Distributors aren’t to blame for the opioid crisis

Editorial Board • Nov 15, 2017 at 4:03 PM

Anything can happen in a courtroom, but opioid distributors present what appears to be a solid defense in the flurry of lawsuits against them, the latest by Hawkins County.

The suits — more than 100 filed by law firms out for easy money — seek damages for the formidable public cost of prescription drug addiction. And that cost should be assigned, but where it belongs: those who manufacture and sell the product, and not those who merely service the marketplace by delivering a product. A separate suit bought by Tennessee attorneys general focuses on manufacturers.

“We aren’t willing to be scapegoats,” a spokesman for distributors said. Nor should they be.

The lawsuits target the three main distributors of prescription opioids, claiming they violated the terms of their federal permits by failing to track “irregularities in distribution patterns.” Under federal law, distribution companies are required to report drug orders of unusually large size or that deviate from a pattern of frequency. But what if they don’t?

A spokesman for an alliance of drug distributors said their function is to arrange for the transport and delivery of medicines to such facilities as are licensed to order them. Said the spokesperson, “We don’t make medicines, market medicines, prescribe medicines or dispense them. ... The idea that distributors are solely responsible for the number of opioid prescriptions written defies common sense.”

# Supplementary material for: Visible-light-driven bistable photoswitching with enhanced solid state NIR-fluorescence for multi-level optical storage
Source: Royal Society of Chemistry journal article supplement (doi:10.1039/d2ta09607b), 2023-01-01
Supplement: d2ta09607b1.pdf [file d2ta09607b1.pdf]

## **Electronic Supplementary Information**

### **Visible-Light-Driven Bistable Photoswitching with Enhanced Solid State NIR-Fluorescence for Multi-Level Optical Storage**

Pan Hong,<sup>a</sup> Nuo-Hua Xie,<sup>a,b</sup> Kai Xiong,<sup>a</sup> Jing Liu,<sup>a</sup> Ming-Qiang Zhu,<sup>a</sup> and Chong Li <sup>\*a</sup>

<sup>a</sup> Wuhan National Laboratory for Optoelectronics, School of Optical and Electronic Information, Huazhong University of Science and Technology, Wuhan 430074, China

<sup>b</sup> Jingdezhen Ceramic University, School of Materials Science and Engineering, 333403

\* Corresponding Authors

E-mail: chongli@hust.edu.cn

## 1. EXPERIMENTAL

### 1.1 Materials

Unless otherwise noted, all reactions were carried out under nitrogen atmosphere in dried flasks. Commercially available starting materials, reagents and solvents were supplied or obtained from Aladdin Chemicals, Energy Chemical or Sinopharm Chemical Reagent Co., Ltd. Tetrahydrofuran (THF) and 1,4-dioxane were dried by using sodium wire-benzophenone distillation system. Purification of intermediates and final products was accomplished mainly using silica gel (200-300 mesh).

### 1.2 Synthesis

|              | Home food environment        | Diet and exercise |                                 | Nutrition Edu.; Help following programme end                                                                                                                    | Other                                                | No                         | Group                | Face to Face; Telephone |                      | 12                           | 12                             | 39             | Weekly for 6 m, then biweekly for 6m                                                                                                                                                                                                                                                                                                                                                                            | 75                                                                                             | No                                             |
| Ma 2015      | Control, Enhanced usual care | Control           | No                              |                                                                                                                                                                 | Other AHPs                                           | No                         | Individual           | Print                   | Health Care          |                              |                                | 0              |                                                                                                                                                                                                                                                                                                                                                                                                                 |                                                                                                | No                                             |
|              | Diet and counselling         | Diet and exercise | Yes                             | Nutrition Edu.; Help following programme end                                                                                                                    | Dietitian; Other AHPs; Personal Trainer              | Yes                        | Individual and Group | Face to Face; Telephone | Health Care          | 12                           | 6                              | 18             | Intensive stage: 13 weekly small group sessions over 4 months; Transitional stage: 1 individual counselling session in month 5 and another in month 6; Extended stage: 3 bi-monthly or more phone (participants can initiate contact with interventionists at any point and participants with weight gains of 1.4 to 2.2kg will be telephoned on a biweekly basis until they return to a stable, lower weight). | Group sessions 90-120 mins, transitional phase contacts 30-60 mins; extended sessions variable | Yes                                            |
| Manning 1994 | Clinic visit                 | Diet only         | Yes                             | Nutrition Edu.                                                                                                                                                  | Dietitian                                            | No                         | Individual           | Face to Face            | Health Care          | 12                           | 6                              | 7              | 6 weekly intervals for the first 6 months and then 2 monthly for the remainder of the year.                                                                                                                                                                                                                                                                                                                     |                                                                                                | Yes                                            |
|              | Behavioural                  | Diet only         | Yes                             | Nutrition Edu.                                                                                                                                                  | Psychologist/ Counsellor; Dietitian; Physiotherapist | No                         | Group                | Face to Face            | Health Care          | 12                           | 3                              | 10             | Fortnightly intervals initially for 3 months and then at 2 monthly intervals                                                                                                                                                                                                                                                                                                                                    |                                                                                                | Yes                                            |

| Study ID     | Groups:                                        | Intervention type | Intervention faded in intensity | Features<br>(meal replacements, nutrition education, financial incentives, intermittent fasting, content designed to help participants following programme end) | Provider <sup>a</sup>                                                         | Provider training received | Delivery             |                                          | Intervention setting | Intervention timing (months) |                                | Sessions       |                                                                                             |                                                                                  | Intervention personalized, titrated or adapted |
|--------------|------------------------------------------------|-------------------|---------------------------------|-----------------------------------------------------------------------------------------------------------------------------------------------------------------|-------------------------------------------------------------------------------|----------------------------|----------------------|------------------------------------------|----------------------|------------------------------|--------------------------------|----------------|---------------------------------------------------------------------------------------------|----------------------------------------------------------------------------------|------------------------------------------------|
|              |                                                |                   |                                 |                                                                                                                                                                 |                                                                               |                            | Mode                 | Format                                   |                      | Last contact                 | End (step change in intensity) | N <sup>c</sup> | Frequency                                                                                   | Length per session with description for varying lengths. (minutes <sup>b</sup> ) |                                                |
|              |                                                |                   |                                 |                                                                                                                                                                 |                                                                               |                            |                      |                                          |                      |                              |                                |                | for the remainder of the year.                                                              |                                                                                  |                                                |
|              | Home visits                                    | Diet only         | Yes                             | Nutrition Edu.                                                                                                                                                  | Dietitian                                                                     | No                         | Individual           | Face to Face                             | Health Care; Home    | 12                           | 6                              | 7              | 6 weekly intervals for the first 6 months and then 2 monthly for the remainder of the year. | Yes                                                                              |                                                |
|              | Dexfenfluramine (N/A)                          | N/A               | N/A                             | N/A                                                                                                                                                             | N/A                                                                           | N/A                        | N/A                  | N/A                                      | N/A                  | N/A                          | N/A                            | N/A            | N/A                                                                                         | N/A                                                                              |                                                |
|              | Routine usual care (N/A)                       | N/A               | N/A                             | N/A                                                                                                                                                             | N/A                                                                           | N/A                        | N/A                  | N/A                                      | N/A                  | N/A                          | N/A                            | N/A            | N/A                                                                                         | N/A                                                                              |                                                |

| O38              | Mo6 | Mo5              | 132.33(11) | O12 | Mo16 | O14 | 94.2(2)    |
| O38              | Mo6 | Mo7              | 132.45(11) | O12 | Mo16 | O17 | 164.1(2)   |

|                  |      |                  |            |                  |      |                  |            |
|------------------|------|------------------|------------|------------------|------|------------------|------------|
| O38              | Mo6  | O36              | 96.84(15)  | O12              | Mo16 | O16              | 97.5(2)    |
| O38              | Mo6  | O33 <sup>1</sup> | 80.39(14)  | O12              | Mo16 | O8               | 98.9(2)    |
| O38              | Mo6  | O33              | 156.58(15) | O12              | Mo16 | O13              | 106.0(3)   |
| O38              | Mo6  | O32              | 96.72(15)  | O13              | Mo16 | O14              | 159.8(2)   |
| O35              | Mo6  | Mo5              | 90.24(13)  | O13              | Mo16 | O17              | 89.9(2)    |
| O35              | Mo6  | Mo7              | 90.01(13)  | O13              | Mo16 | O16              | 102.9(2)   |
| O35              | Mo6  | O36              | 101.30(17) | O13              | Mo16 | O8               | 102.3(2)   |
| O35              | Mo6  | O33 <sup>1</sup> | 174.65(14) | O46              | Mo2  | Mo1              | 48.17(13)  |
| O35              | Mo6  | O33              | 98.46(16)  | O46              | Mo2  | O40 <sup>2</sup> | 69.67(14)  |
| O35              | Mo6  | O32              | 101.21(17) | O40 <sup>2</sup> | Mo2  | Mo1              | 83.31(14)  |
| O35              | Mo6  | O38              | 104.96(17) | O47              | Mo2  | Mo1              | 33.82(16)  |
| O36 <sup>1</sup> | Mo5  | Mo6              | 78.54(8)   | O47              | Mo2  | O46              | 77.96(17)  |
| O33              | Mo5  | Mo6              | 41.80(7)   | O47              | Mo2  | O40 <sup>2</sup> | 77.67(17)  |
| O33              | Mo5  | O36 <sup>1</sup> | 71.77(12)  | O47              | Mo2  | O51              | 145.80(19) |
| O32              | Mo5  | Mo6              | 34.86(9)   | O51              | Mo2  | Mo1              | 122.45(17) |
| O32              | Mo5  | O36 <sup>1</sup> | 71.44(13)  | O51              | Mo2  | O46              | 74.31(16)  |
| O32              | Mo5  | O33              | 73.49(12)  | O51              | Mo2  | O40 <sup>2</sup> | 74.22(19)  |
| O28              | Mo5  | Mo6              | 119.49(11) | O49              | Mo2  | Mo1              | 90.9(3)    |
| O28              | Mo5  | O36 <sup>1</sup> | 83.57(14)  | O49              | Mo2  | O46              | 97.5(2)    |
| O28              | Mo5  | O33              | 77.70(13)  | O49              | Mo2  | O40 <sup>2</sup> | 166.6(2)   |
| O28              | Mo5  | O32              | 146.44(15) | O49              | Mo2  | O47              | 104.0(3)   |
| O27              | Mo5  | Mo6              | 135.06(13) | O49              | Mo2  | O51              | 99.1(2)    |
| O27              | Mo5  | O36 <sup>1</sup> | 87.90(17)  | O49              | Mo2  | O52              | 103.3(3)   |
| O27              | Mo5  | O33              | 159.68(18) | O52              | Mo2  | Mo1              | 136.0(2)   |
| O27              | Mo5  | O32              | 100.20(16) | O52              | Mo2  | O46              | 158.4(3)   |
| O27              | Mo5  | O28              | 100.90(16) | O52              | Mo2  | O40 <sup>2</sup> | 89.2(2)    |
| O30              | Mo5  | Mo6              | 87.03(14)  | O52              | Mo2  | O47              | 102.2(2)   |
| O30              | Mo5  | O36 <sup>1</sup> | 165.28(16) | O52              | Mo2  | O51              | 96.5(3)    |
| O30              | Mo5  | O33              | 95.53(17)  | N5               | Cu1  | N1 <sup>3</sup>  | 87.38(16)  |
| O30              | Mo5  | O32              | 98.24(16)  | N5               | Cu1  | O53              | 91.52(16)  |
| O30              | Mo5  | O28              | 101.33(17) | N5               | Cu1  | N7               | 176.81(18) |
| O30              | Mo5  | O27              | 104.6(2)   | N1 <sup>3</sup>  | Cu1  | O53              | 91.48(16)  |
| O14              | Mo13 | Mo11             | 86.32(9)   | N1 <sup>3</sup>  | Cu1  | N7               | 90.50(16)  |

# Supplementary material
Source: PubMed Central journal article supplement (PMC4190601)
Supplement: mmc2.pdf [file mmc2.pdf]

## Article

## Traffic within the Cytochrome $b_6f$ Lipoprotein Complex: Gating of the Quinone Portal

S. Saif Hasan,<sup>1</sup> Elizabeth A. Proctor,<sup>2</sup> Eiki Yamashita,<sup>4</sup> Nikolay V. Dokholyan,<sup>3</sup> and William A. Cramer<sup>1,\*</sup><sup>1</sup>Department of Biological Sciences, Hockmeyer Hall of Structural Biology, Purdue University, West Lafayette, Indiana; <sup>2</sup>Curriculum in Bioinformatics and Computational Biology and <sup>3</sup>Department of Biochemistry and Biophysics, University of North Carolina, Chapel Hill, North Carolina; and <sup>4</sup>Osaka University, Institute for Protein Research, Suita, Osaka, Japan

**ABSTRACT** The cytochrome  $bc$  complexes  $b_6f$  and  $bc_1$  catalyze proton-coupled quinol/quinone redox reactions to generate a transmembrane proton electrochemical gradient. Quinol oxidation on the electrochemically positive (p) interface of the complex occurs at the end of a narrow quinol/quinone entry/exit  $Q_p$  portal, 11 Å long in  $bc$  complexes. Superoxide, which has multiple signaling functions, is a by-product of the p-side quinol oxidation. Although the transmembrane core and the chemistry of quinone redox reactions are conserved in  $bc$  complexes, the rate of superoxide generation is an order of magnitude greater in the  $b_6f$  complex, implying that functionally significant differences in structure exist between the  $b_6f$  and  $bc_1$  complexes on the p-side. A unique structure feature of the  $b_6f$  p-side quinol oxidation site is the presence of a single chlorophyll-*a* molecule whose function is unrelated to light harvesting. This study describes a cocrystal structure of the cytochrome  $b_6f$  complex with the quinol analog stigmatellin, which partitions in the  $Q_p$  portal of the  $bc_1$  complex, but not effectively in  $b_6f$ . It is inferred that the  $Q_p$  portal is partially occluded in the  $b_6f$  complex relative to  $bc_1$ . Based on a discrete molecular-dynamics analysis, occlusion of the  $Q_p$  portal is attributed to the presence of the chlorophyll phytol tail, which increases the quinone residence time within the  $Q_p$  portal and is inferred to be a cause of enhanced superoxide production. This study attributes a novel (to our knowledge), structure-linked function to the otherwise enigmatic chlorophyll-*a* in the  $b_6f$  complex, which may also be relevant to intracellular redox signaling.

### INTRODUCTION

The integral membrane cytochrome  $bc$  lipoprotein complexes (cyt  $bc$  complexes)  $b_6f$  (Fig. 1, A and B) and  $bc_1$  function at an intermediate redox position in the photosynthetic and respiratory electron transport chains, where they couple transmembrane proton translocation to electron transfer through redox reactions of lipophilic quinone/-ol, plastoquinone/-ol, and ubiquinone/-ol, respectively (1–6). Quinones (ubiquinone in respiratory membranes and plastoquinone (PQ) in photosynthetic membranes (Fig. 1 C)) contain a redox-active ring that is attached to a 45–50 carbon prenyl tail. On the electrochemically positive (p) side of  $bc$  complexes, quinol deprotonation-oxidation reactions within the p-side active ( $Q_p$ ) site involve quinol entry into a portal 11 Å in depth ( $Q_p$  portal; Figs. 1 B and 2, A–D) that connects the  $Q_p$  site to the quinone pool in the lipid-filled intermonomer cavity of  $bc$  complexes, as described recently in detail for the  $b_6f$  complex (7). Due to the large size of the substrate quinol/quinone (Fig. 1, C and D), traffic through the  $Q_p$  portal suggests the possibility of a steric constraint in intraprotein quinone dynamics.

And that seems to make perfect sense. The distributors are in the business of delivering a product they don’t make, to people whose use of it they don’t control. How can they be held responsible for so-called doctor mills which overprescribe narcotics? The lawsuit is similar to insisting that the company that delivers for a bakery it does not own is responsible for taking note that in some parts, people eat more bread.

The spokesman said the distributors are willing to be part of a solution, but not to be held accountable for the actions of others. Distributors have no access to patient information nor are they qualified to question a licensed physician’s recommended treatment plan for their patients, including prescriptions, or advertise to get more customers.

The bad actors aren’t the people who deliver drugs from manufacturers to providers. It is those licensed by government to prescribe drugs, and we expect the courts will agree.

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